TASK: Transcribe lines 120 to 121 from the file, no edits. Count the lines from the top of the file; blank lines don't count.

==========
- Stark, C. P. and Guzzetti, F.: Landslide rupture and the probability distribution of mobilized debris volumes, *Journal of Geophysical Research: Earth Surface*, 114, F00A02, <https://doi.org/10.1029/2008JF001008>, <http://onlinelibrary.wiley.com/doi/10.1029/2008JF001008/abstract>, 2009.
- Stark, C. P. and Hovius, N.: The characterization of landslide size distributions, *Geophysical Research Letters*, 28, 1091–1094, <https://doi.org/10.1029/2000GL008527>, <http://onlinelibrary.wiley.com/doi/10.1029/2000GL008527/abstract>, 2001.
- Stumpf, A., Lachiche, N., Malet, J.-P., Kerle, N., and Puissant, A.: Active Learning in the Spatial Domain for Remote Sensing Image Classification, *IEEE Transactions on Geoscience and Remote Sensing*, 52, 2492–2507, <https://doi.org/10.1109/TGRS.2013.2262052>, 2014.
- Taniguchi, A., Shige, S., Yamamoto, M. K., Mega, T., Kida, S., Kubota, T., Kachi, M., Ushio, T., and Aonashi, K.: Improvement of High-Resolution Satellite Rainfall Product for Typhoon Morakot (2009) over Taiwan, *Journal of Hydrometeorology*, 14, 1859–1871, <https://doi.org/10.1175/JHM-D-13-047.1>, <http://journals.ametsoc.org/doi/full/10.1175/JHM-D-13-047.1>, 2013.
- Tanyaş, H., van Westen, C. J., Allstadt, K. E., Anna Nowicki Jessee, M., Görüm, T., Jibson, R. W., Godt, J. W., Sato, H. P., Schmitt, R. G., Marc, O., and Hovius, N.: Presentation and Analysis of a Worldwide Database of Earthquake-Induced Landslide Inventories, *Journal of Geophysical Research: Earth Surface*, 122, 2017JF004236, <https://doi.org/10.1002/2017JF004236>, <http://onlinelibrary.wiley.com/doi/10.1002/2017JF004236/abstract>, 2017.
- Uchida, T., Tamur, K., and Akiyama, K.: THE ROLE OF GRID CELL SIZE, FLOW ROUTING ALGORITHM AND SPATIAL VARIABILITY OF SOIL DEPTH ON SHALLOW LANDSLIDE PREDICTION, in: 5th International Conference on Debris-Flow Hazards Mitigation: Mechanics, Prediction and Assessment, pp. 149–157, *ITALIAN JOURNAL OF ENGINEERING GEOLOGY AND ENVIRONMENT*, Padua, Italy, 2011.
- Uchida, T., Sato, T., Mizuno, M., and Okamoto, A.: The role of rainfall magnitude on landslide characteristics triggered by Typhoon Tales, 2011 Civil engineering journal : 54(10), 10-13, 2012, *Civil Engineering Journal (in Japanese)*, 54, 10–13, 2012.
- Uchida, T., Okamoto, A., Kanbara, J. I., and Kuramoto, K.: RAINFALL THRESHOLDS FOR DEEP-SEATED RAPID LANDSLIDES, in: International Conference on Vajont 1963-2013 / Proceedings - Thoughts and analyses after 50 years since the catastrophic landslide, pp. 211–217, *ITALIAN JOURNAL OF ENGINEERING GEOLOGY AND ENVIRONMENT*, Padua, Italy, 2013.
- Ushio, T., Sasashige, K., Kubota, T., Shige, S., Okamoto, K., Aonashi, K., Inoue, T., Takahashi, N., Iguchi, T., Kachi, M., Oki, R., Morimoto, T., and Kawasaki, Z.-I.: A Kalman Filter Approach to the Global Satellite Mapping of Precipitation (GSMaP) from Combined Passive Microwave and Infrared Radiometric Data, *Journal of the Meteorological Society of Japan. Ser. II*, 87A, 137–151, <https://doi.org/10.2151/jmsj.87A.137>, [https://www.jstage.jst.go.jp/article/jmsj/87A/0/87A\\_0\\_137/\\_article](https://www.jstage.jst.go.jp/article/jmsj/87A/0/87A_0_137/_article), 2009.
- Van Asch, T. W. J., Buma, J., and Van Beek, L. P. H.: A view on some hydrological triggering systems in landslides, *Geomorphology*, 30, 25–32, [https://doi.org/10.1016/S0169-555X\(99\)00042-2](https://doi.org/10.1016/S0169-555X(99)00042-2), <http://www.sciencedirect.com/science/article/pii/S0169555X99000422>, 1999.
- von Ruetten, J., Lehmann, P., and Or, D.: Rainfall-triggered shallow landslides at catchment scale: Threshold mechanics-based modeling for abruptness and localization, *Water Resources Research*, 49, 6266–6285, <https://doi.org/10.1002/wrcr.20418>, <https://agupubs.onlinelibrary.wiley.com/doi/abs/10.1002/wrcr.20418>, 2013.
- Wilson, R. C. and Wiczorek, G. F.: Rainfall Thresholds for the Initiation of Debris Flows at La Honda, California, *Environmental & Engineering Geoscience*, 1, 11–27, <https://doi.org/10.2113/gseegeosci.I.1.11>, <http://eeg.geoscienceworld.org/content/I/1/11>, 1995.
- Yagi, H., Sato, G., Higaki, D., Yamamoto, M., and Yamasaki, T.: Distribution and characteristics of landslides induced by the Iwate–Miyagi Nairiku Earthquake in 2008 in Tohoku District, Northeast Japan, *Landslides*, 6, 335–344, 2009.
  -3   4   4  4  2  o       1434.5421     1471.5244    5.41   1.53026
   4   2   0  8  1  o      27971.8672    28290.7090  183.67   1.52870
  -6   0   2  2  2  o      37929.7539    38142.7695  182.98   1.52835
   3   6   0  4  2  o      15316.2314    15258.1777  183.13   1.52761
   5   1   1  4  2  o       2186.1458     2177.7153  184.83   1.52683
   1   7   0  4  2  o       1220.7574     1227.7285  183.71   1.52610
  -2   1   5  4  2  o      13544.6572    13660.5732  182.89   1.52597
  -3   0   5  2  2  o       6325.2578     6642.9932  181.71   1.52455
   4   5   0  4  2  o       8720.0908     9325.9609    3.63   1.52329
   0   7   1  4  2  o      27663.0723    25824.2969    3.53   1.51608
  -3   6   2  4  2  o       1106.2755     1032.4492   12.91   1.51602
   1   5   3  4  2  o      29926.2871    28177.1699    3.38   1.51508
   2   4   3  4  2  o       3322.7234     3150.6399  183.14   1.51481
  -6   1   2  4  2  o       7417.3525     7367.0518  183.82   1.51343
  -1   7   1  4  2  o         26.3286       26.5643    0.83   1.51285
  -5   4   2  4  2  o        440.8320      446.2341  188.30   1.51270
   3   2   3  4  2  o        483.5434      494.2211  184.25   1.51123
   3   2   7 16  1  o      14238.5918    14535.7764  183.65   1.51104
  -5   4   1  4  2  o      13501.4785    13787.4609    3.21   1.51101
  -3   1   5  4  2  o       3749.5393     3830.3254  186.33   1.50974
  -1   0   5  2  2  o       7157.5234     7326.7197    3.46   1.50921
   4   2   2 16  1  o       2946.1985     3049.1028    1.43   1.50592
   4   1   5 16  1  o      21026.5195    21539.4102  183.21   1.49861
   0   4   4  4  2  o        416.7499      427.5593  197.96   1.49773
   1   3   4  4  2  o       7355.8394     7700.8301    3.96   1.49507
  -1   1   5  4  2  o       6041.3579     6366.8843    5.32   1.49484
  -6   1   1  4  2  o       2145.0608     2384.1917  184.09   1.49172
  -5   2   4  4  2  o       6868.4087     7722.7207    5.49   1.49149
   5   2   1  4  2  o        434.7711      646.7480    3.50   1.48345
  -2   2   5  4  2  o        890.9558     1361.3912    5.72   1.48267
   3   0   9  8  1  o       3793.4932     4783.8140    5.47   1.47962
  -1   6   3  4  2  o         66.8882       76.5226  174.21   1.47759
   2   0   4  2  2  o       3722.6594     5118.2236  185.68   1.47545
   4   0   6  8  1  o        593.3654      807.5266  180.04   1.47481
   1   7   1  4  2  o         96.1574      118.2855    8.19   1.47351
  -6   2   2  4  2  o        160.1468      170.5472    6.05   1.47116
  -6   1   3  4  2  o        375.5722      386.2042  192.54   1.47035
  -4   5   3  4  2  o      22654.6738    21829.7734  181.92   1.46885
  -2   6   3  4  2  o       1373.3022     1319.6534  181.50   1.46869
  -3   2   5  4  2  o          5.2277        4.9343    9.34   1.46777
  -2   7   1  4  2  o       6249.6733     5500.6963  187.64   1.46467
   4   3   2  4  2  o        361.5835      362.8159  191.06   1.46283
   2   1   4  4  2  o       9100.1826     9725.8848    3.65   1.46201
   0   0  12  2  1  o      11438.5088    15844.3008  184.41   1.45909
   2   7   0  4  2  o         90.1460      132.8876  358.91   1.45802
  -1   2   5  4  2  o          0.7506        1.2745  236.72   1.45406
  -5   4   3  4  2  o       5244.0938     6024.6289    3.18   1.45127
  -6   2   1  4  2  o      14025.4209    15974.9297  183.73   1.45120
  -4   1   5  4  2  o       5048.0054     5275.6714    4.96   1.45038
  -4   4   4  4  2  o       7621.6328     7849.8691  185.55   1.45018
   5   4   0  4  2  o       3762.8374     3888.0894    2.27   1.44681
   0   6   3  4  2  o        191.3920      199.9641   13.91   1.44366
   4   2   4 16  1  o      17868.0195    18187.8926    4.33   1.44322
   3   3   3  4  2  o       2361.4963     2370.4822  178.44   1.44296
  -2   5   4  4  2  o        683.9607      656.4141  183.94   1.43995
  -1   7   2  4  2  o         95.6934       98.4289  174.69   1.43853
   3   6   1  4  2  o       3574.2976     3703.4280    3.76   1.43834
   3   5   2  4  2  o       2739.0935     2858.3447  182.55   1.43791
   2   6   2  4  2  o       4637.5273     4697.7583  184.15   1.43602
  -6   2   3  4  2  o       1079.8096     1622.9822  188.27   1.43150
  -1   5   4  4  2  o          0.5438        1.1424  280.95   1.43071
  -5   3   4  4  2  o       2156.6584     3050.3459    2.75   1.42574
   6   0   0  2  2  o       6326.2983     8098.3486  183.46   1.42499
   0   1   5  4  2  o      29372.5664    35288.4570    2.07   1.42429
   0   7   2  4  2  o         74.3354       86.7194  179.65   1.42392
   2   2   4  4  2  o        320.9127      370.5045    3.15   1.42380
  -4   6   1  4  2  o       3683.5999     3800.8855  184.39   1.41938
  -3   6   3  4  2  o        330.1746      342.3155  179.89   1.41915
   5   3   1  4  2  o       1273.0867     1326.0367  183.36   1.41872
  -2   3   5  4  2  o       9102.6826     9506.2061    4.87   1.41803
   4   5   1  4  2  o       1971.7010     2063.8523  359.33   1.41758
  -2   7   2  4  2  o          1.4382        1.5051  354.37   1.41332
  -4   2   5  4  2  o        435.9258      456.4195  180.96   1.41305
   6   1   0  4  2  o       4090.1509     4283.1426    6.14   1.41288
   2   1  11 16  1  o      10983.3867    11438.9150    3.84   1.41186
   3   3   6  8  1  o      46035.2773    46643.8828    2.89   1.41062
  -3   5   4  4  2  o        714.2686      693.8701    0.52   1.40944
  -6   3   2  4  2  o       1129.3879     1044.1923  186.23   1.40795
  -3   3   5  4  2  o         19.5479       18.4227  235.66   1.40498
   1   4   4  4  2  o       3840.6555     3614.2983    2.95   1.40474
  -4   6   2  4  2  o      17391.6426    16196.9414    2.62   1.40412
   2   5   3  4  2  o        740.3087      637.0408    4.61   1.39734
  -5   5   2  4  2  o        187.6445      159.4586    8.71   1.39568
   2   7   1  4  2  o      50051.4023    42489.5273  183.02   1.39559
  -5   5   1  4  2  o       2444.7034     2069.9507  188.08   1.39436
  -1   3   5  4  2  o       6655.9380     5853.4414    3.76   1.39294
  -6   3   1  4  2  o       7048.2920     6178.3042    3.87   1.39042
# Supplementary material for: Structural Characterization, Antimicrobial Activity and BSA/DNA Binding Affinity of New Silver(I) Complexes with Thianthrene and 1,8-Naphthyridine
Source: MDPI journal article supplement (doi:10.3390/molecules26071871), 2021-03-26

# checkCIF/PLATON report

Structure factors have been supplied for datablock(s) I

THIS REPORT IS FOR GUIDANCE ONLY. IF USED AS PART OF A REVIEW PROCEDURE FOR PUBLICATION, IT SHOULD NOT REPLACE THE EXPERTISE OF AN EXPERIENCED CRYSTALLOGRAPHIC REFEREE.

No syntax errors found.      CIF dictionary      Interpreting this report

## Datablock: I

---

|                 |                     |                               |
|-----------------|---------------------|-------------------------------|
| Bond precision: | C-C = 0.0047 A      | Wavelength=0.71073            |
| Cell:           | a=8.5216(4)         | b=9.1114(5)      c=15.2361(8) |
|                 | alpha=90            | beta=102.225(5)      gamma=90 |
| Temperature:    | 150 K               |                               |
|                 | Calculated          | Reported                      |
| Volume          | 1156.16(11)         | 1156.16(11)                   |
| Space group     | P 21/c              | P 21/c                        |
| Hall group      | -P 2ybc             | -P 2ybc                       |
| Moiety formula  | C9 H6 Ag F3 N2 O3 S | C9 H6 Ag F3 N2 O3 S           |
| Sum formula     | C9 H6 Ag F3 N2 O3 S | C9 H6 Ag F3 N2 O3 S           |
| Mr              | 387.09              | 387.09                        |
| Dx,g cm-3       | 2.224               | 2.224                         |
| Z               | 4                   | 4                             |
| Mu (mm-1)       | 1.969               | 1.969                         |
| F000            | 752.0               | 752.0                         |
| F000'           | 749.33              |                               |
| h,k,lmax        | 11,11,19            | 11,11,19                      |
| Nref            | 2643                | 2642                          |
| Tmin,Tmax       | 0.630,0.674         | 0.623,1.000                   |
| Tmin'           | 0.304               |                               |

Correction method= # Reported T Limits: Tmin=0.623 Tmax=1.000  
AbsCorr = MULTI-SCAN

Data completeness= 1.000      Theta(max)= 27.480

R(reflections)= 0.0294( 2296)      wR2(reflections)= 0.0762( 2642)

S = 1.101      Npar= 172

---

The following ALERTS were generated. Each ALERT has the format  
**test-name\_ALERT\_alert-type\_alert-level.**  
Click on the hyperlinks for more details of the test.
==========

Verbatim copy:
| Sum formula     | C9 H6 Ag F3 N2 O3 S | C9 H6 Ag F3 N2 O3 S           |
| Mr              | 387.09              | 387.09                        |